Sorn Seavmey, the teenage taekwondo athlete who turned national celebrity after winning Cambodia’s first gold medal at the Asian Games, will not be appearing in any advertisements from alcohol or tobacco companies, despite being deluged with gifts and endorsement deals following her unprecedented victory.
According to officials from the National Olympic Committee of Cambodia, Seavmey, and all other athletes registered with the committee, would not be appearing in such ads in order to conform to existing rules established by the International Olympic Charter, said Nhan Sokvisal, Seavmey’s manager.
Seavmey said the deal was also to support public health.
“If we appear in ads for beer or tobacco, that means we also use them,” Seavmey told the Post before attending an endorsement ceremony for the mobile carrier Cellcard.
But the announcement does not mark the end of the National Olympic Committee’s lucrative sponsorship deal with Angkor Beer, or donations to Seavmey from that company.
On November 1, she expects to be at a ceremony at Phnom Penh’s Sofitel hosted by Angkor Beer, which will give her $10,000.
“You may see me in a photo on November 1 with top government delegates and the company at dining tables with beers around, but you will not see me holding beer in my hands to cheer. I don’t use alcohol at all,” Seavmey said.
She said she plans to donate 40 per cent of the proceeds to a separate foundation set up in her name by the Cambodia News Channel to support medical causes.
“They can donate to her, but not for commercial purposes, we cannot allow that,” said Sokvisal, her manager, speaking about alcohol and tobacco companies.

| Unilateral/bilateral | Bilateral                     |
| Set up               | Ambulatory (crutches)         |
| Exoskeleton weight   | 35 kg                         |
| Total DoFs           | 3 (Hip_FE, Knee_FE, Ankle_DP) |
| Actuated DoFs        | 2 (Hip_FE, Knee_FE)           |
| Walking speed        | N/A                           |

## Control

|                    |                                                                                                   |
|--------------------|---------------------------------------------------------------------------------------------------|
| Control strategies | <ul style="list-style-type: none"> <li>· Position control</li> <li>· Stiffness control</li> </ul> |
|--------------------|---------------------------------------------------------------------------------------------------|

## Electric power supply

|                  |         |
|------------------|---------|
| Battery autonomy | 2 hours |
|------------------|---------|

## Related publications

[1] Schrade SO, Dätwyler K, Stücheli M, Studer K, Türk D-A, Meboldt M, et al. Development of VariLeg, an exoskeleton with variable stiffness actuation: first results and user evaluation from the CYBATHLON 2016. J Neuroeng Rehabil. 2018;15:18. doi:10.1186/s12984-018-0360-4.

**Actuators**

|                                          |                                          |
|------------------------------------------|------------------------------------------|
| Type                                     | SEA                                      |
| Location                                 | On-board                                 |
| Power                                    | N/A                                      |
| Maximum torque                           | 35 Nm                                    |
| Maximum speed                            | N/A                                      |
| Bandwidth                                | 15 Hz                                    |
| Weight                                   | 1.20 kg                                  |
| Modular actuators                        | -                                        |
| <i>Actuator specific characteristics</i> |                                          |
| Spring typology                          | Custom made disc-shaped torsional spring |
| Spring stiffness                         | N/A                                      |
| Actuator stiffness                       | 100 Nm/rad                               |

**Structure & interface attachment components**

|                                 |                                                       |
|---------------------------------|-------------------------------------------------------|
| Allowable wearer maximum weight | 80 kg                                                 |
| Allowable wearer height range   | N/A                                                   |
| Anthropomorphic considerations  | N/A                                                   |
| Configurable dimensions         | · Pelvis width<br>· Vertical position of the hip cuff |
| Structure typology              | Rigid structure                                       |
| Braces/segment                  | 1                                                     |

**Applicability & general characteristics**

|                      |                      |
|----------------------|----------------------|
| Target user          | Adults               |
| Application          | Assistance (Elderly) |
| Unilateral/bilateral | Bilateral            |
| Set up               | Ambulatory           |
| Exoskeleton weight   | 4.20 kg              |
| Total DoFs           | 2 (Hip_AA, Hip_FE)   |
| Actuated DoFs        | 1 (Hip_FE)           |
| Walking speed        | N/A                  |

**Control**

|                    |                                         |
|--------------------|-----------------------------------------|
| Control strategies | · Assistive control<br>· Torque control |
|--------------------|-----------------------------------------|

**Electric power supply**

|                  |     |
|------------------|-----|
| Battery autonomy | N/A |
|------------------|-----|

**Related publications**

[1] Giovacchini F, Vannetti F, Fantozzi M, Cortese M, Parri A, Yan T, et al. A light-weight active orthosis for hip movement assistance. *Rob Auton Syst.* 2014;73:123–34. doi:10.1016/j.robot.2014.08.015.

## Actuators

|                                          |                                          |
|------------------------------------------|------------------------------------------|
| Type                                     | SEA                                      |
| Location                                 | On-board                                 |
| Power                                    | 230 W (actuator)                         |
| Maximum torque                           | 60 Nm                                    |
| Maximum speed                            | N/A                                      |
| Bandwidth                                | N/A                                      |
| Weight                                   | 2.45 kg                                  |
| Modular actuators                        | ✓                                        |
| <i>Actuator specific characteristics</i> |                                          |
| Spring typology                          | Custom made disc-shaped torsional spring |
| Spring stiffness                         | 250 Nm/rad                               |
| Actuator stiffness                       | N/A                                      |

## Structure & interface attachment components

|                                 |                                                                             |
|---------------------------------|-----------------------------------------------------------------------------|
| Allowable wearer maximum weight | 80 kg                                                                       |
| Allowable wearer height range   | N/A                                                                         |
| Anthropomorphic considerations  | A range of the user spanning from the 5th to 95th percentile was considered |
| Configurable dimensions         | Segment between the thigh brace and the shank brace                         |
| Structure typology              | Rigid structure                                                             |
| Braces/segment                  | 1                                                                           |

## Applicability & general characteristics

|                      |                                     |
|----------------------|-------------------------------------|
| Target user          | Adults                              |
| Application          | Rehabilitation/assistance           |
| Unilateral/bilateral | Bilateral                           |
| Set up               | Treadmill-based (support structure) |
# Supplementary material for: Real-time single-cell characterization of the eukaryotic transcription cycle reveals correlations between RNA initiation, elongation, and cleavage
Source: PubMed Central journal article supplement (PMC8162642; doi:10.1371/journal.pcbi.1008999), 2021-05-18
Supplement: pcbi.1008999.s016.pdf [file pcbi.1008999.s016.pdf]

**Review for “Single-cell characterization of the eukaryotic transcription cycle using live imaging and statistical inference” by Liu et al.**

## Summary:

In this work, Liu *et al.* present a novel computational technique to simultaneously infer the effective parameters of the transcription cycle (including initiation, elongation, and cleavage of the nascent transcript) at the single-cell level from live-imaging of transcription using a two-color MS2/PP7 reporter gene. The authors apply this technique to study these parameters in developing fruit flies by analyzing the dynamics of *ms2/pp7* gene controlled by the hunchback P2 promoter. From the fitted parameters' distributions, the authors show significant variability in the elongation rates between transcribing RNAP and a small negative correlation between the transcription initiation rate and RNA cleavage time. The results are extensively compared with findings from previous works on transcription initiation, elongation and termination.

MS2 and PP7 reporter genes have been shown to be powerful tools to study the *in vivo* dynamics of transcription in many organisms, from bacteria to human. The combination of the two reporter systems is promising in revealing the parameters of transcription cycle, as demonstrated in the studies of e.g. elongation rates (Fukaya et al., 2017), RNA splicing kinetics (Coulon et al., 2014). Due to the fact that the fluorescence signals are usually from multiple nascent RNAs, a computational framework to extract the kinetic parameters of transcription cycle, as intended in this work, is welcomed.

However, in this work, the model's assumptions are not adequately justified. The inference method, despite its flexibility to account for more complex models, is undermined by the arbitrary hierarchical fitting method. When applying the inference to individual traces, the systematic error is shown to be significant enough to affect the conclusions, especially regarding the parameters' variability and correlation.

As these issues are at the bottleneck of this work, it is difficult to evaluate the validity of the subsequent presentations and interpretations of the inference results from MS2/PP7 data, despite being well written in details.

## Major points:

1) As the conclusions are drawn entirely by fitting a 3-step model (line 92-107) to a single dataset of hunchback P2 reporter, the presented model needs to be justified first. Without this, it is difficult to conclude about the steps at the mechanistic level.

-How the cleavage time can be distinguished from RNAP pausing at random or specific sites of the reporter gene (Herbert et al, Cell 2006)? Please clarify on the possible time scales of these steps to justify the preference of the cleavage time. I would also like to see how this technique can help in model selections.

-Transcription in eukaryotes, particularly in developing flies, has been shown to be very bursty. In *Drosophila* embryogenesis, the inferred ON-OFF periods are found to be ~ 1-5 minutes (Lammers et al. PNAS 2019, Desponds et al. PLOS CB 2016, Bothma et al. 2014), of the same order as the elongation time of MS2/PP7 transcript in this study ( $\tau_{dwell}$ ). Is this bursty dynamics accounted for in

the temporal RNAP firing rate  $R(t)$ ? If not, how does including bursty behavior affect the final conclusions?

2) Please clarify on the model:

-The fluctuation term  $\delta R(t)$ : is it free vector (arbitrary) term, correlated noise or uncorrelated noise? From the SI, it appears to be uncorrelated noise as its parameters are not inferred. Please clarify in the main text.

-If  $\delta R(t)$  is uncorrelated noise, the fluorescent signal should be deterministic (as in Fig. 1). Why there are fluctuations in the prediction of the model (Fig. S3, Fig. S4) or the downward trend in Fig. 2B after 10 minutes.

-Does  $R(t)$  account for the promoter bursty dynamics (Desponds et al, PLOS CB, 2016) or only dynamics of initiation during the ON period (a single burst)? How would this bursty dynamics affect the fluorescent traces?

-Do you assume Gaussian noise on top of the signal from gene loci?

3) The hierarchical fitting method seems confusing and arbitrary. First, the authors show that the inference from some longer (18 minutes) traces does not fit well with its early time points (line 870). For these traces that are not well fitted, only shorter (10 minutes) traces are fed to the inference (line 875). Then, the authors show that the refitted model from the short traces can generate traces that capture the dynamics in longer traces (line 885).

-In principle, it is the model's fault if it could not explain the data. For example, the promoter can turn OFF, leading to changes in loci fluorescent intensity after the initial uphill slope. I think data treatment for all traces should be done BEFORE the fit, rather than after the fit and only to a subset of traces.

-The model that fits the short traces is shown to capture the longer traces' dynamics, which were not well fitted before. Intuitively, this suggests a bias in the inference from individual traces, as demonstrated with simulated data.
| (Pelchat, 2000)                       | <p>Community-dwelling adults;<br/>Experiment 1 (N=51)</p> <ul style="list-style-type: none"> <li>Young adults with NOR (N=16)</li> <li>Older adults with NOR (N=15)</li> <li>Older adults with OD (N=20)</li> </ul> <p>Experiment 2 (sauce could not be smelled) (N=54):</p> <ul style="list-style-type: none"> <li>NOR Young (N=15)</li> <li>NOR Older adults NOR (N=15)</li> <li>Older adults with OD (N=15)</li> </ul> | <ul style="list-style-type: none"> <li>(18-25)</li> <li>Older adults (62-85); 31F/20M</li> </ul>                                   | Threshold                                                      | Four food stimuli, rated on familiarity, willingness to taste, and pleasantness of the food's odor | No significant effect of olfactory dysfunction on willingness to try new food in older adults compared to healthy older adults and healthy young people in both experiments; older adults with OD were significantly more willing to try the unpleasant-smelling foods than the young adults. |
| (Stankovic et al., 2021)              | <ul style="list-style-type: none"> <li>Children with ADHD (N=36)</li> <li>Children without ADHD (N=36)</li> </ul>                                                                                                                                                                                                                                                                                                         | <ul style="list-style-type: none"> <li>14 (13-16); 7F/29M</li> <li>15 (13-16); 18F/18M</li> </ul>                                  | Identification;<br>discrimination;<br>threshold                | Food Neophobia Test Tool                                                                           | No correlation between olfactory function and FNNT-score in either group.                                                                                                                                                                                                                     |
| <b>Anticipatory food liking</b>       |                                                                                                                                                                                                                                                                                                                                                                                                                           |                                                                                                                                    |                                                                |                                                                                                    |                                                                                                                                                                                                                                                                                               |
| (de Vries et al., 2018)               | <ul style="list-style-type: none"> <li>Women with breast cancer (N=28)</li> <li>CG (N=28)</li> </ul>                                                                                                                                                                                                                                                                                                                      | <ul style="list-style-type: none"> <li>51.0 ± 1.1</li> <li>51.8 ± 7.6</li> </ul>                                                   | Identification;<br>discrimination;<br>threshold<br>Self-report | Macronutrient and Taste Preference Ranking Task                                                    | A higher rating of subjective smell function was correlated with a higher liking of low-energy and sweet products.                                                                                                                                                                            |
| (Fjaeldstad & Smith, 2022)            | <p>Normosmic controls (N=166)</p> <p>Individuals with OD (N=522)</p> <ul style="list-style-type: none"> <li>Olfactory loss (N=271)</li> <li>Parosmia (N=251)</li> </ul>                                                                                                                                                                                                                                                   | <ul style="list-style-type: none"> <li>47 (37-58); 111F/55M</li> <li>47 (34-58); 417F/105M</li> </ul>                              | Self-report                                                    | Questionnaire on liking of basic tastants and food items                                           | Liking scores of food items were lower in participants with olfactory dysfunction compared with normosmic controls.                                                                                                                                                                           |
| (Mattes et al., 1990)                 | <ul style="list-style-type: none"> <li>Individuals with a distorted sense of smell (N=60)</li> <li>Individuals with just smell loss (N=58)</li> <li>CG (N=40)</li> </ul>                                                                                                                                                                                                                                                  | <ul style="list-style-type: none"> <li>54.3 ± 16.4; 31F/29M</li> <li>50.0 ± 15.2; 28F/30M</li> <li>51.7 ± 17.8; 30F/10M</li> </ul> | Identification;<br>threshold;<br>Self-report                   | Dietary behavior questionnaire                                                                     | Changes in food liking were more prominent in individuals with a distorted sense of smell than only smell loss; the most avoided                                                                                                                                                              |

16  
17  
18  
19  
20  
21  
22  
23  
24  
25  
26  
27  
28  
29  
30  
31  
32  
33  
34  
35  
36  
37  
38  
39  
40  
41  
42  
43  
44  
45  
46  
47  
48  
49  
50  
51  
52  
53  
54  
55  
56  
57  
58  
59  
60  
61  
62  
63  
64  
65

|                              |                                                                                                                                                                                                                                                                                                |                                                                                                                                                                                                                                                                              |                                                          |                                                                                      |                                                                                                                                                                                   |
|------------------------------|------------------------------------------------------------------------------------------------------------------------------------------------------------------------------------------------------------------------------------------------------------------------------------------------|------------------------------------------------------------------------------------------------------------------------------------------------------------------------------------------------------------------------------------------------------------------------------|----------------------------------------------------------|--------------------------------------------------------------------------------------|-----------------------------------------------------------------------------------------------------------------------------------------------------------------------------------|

Besides the $20,000 reward for the gold medal from the government, Seavmey has already received donations from Angkor Beer and NagaWorld, along with $10,000, a laptop, and an iPad from Prime Minister Hun Sen – not to mention a free pass on the university entrance exam.
Angkor Beer is a major backer of the National Olympic Committee, and has given $300,000 over the years, said secretary-general Vath Chamroeun, adding that Angkor was “very, very happy” when Seavmey won her medal at only 19.
Dr Yel Daravuth, technical officer at the World Health Organization, praised Seavmey’s endorsement but criticised the widespread use of celebrities to endorse alcohol. “We would like to see more celebrities and movie stars be a model.”
While television, radio, and billboard advertisements for tobacco are prohibited, a draft law currently under discussion would extend the ban to alcohol as well.
Daravuth said the alcohol law, which establishes 21 as the legal drinking age, would be submitted to the Council of Ministers by the end of the year or early next year.
“They [youth] drink too much, they drink a lot.”